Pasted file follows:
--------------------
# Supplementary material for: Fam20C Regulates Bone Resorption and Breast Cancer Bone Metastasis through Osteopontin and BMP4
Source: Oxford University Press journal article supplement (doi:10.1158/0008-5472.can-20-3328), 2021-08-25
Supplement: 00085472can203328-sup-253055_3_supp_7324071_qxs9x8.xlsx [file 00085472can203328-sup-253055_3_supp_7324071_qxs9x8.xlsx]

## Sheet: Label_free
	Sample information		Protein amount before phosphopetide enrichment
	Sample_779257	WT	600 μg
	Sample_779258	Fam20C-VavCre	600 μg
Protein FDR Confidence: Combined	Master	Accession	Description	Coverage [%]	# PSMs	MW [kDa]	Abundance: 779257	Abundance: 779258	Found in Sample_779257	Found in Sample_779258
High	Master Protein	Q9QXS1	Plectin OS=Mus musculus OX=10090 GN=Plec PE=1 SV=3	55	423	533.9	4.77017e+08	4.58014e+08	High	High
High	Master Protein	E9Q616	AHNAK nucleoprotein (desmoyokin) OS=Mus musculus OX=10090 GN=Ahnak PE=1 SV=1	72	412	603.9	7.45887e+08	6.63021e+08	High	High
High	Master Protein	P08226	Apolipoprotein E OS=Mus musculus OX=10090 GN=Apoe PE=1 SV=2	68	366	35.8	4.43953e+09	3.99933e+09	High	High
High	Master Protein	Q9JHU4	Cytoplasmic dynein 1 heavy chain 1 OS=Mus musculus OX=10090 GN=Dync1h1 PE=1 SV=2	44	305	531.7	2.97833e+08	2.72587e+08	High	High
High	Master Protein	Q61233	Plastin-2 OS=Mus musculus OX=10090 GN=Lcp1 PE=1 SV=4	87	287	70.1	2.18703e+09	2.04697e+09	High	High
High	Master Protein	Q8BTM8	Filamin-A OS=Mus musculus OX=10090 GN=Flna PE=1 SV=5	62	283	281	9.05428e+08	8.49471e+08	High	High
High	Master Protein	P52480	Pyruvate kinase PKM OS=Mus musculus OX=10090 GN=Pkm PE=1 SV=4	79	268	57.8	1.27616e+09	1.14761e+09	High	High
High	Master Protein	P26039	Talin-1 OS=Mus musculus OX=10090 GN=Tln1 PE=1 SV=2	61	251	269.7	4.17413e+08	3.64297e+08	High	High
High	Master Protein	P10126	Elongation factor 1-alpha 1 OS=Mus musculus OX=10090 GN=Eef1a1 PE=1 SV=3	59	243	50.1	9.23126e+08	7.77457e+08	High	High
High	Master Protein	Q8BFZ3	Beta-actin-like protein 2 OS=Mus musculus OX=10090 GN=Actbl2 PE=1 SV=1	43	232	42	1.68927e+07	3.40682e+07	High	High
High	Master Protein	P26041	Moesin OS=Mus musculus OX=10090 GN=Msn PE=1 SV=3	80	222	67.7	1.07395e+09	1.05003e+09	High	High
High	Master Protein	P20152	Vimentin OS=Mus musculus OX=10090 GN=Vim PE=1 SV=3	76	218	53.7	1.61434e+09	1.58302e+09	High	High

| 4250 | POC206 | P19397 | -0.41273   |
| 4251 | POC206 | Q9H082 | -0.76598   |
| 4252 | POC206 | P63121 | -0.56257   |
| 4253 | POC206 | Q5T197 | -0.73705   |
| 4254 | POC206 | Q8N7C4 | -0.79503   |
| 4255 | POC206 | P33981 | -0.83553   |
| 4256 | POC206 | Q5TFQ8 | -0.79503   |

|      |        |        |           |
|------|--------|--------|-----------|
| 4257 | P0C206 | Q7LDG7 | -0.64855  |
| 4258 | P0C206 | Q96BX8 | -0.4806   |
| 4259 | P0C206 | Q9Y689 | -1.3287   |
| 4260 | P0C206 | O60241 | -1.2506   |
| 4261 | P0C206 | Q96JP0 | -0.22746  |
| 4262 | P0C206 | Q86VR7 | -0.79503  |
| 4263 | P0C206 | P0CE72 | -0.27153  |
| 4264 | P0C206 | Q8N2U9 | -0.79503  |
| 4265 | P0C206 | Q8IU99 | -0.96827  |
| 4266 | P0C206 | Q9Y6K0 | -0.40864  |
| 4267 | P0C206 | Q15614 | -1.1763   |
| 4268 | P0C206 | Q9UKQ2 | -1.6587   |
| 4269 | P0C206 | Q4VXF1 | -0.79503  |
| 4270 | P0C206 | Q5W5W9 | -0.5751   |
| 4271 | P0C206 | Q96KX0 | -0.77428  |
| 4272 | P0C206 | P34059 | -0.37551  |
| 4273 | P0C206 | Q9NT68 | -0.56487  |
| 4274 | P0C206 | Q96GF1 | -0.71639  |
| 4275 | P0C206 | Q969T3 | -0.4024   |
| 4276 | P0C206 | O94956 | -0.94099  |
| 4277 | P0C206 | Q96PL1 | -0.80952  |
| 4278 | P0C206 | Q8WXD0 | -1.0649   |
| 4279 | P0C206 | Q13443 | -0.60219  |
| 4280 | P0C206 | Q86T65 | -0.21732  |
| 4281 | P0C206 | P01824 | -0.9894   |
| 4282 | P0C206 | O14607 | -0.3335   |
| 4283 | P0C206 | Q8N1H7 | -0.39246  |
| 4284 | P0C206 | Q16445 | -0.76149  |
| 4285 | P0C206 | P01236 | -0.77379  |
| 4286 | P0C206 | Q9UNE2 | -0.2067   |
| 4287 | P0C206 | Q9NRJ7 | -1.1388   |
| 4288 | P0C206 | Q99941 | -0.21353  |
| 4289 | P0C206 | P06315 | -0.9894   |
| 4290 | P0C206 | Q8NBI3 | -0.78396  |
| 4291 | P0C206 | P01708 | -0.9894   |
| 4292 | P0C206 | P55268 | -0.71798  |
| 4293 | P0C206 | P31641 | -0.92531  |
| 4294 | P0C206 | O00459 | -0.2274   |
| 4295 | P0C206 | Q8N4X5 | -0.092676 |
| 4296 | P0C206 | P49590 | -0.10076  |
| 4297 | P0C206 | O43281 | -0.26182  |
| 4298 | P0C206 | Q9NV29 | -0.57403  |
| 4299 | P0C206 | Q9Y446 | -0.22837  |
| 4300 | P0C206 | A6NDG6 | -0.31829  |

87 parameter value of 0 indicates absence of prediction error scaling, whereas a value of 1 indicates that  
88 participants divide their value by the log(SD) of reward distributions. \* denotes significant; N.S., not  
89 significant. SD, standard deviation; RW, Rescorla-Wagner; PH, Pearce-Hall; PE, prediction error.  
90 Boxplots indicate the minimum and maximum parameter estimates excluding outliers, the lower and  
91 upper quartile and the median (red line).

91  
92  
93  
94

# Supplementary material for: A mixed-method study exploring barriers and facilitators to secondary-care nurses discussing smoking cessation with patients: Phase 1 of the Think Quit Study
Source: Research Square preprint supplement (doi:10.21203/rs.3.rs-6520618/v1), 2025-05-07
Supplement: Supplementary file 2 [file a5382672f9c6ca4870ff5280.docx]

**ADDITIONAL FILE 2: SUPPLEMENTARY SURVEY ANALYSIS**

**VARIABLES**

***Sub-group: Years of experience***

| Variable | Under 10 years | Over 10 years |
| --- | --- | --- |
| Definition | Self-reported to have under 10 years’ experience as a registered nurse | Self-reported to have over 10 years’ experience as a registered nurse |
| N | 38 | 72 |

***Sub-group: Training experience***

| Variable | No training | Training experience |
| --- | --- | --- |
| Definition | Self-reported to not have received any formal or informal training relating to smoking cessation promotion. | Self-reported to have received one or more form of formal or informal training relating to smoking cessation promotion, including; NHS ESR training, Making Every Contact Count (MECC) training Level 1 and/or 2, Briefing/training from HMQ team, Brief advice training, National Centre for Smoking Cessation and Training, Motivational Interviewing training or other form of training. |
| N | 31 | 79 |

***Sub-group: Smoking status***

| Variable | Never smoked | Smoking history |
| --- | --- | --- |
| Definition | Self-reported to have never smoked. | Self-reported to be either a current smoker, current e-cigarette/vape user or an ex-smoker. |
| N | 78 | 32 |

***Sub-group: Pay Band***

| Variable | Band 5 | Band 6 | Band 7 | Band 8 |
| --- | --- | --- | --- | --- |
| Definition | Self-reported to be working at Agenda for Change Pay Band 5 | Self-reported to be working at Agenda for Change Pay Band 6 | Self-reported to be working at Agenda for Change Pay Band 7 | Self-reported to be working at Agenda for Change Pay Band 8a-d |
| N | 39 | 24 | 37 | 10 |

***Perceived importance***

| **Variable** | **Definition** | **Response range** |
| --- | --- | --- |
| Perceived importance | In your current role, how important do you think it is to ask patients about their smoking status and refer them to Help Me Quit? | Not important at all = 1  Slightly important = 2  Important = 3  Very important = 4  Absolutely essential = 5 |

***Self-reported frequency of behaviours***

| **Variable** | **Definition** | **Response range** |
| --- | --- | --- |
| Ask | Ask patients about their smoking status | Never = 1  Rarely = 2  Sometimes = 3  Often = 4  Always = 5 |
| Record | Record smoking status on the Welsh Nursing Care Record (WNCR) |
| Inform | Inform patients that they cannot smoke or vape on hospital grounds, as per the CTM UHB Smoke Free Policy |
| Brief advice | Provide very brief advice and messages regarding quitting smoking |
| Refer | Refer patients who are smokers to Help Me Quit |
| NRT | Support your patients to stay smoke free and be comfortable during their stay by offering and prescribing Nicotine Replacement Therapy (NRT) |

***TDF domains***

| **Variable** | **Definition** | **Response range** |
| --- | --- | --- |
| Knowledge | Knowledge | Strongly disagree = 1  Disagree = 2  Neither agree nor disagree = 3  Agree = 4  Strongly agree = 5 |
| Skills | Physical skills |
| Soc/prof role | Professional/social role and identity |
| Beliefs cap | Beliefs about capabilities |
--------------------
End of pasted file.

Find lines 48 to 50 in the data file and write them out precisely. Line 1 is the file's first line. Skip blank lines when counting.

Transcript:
| 4275 | P0C206 | Q969T3 | -0.4024   |
| 4276 | P0C206 | O94956 | -0.94099  |
| 4277 | P0C206 | Q96PL1 | -0.80952  |